I was reminded recently that having a skill doesn’t necessarily mean being able to teach that skill to others. I was in a group of four people, and we wanted to play Euchre. Two of us were experienced players but the other two were not. The other Euchre player offered to explain the game, then immediately launched into the middle of the rules with a lengthy and somewhat rambling explanation of trump, bauers and lone hands. I could see how confused the new players were so I asked for permission to start over.
I started with: “Each player is dealt five cards… “ (no, that hadn’t been said!) I stated the object of the game and how to score points, then moved on to progression of play, the hierarchy of the cards, trump, bauers, and finally the little twists that allow for multiple points. Within a few minutes we were able to move to an open hand, showing our cards for demonstration and talking through the round. Following that, we put a novice with each experienced player and we were on our way to an enjoyable evening of cards.
Presenting new material in a way that is easy to learn is a skill onto itself. You start with the big picture, then drill down into the details. I call it the layers of the onion. Start with the whole onion, then peel the layers in order until all of the information has been conveyed.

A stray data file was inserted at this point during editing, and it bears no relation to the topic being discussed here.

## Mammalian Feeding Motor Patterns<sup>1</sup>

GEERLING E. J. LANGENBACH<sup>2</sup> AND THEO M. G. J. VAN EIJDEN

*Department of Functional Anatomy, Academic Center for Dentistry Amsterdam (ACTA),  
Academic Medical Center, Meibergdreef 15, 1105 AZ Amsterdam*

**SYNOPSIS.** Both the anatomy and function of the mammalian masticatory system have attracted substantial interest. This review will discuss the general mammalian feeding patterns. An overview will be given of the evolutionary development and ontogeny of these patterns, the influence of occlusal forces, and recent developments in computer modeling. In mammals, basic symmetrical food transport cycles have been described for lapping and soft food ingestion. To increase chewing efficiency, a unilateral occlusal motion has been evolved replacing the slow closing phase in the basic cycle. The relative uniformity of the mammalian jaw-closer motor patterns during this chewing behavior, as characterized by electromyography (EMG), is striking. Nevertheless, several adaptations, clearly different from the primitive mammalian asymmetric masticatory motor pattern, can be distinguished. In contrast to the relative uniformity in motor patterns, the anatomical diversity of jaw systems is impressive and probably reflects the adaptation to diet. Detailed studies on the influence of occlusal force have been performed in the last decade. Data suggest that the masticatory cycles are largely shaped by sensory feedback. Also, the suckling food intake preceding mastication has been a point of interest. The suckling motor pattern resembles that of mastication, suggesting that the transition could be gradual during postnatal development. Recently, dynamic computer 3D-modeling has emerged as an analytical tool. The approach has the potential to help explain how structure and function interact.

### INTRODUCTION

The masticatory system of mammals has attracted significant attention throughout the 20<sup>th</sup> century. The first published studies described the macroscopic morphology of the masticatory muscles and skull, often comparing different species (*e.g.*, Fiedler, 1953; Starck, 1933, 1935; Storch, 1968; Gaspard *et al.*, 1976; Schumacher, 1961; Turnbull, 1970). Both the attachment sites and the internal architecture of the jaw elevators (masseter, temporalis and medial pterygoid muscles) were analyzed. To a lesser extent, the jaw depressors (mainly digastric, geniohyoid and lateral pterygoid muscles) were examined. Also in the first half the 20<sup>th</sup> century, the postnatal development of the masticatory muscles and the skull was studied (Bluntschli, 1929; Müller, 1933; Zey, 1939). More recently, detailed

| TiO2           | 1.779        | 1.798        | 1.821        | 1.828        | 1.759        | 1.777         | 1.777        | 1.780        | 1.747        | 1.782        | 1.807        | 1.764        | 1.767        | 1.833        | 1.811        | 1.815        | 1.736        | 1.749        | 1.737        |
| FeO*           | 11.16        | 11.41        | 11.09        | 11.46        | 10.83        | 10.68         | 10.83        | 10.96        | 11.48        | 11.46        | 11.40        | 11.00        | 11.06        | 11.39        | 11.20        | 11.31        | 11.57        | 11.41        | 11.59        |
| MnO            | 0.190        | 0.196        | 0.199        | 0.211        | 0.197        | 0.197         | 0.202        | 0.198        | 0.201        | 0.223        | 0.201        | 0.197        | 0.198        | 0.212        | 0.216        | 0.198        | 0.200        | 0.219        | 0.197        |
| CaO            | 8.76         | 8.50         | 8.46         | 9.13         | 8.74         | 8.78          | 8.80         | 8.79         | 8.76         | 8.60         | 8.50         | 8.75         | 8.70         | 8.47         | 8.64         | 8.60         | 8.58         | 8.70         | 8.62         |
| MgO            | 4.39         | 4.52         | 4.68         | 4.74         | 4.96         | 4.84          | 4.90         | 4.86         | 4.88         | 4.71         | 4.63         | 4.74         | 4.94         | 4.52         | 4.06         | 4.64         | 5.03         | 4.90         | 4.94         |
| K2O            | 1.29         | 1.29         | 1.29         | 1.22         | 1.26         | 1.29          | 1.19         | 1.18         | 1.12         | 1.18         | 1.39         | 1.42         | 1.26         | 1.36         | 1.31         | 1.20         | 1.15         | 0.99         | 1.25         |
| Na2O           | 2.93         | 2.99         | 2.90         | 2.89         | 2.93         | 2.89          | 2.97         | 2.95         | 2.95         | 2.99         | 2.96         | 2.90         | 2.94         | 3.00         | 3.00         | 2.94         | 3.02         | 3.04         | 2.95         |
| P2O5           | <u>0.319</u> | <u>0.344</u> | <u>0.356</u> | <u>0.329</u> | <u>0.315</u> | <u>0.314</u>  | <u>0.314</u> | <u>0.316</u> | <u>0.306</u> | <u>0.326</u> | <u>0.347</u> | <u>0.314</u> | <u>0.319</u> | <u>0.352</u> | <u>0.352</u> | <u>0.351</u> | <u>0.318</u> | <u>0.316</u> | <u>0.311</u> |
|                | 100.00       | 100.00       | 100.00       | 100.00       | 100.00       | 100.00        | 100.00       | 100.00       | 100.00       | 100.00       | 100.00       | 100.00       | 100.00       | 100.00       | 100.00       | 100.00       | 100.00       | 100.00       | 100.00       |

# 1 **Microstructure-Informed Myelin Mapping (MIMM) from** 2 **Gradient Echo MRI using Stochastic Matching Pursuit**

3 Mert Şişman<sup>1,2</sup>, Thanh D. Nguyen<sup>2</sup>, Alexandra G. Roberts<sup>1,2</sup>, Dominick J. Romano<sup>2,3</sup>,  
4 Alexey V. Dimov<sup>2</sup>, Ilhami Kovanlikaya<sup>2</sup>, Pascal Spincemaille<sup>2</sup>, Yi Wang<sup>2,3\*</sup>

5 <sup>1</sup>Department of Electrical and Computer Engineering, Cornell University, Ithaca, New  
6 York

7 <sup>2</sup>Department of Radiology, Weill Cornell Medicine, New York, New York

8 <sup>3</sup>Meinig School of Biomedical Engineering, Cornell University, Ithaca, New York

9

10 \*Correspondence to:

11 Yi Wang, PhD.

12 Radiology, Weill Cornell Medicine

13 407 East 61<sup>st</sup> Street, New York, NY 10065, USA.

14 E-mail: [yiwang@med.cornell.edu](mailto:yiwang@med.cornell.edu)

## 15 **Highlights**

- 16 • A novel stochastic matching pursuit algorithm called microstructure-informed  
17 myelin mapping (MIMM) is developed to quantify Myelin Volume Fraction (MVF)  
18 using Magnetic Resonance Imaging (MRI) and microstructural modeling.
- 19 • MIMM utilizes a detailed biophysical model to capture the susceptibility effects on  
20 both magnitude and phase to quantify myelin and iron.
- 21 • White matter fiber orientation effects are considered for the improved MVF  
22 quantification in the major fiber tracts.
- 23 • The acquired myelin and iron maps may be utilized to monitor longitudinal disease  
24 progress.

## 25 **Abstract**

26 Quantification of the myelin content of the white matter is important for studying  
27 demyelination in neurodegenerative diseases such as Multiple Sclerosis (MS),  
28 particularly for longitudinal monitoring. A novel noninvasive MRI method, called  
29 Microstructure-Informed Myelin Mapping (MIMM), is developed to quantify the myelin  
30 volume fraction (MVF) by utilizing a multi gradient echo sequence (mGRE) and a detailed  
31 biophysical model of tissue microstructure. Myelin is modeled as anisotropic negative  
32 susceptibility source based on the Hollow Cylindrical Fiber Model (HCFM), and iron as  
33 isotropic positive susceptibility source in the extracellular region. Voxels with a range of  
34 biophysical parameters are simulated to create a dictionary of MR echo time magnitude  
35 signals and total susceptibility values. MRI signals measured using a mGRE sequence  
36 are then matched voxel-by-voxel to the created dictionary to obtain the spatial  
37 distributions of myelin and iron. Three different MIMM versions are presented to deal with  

When a businessperson decides to manage some or all of their bookkeeping on their own, their first instinct is often to enlist a person they know such as a friend or their bookkeeper who uses a particular accounting software that sounds suitable. What’s wrong with this picture? Re-read the title of this blog post. Not only is the businessperson risking that they will end up more confused than ever at the hands of a novice trainer, but they will only learn about the particular software that their trainer knows.
Your bookkeeping training plan should be in writing and should be delivered in a first-things-first format. Learning a new skill is hard enough without having to sort and organize the information for yourself-that’s the trainer’s job.
Let’s be honest. Taking on your business’ books is a risk. Correct bookkeeping that yields useful information is critically important to the success of your business. With today’s technology DIY bookkeeping is very do-able, but if you plan to go there, make sure to invest in an expert setup of your software, coupled with professional training and post-learning support to give you your best chance for success.
For a free software assessment and training plan, contact BookSmarts today.